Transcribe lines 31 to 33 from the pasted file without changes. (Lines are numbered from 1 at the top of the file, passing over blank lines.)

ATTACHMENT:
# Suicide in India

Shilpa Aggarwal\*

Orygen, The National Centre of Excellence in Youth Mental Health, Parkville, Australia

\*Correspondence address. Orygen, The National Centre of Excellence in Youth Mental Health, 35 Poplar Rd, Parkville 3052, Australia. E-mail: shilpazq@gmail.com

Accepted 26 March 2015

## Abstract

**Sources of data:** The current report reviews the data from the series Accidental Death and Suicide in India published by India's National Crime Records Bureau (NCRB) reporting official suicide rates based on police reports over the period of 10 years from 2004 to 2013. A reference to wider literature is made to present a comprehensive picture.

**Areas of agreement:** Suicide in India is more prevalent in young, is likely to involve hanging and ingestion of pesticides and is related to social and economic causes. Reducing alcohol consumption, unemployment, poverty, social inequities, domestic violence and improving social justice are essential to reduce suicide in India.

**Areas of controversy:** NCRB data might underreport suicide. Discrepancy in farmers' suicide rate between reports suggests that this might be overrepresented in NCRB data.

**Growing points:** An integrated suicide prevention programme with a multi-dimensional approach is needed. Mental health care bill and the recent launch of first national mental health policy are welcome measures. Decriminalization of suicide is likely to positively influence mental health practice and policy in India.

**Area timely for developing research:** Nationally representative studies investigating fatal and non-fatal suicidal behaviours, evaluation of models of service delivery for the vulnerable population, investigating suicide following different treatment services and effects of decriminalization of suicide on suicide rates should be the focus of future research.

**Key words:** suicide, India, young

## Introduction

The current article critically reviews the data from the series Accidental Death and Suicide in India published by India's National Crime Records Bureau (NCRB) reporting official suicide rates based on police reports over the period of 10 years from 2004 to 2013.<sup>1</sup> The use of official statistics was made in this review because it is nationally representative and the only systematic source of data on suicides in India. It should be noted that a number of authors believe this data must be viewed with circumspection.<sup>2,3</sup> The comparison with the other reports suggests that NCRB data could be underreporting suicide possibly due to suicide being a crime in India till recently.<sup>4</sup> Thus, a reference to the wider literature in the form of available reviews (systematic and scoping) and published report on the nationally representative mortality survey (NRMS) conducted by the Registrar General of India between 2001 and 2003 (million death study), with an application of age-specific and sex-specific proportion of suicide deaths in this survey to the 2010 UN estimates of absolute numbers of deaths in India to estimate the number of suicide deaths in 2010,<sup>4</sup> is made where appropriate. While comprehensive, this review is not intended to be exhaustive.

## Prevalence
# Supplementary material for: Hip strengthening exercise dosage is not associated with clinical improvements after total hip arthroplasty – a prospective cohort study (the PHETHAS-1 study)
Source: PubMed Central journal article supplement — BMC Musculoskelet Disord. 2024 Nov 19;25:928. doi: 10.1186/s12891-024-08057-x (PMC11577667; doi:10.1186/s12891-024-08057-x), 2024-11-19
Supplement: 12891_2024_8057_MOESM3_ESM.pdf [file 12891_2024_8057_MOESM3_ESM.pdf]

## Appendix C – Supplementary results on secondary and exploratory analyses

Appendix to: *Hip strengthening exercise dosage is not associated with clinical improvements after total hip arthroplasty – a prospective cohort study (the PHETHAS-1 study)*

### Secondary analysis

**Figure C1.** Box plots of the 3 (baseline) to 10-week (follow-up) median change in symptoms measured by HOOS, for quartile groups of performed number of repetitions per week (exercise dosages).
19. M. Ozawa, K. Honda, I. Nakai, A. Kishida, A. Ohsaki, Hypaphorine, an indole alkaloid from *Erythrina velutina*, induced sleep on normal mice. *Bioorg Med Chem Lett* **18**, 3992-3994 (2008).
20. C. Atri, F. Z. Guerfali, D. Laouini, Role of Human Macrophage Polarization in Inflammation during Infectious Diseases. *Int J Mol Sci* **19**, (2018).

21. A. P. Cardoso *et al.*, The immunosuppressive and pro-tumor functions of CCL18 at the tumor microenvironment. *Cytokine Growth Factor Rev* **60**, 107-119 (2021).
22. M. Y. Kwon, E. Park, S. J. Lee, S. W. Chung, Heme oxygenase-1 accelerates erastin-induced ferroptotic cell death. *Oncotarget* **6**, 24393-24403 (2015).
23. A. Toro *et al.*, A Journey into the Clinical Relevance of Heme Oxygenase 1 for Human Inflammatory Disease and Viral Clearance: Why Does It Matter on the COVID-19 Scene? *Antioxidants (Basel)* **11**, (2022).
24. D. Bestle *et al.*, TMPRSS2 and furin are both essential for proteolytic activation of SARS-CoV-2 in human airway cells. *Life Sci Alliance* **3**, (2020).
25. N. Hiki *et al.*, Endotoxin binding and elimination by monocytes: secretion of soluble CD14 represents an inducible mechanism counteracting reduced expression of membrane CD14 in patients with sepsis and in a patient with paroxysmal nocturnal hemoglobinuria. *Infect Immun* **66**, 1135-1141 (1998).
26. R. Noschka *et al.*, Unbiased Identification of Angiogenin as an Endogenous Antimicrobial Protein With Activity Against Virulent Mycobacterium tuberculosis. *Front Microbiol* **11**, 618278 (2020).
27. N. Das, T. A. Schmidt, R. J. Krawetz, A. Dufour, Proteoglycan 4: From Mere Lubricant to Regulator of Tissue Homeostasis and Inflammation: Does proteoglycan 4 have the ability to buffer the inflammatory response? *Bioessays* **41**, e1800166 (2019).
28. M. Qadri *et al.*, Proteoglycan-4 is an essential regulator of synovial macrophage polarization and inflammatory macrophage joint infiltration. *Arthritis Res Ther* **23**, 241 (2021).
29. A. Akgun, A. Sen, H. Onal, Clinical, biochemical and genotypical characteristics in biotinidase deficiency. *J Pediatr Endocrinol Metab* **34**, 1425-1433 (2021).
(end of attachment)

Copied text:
27. N. Das, T. A. Schmidt, R. J. Krawetz, A. Dufour, Proteoglycan 4: From Mere Lubricant to Regulator of Tissue Homeostasis and Inflammation: Does proteoglycan 4 have the ability to buffer the inflammatory response? *Bioessays* **41**, e1800166 (2019).
28. M. Qadri *et al.*, Proteoglycan-4 is an essential regulator of synovial macrophage polarization and inflammatory macrophage joint infiltration. *Arthritis Res Ther* **23**, 241 (2021).
29. A. Akgun, A. Sen, H. Onal, Clinical, biochemical and genotypical characteristics in biotinidase deficiency. *J Pediatr Endocrinol Metab* **34**, 1425-1433 (2021).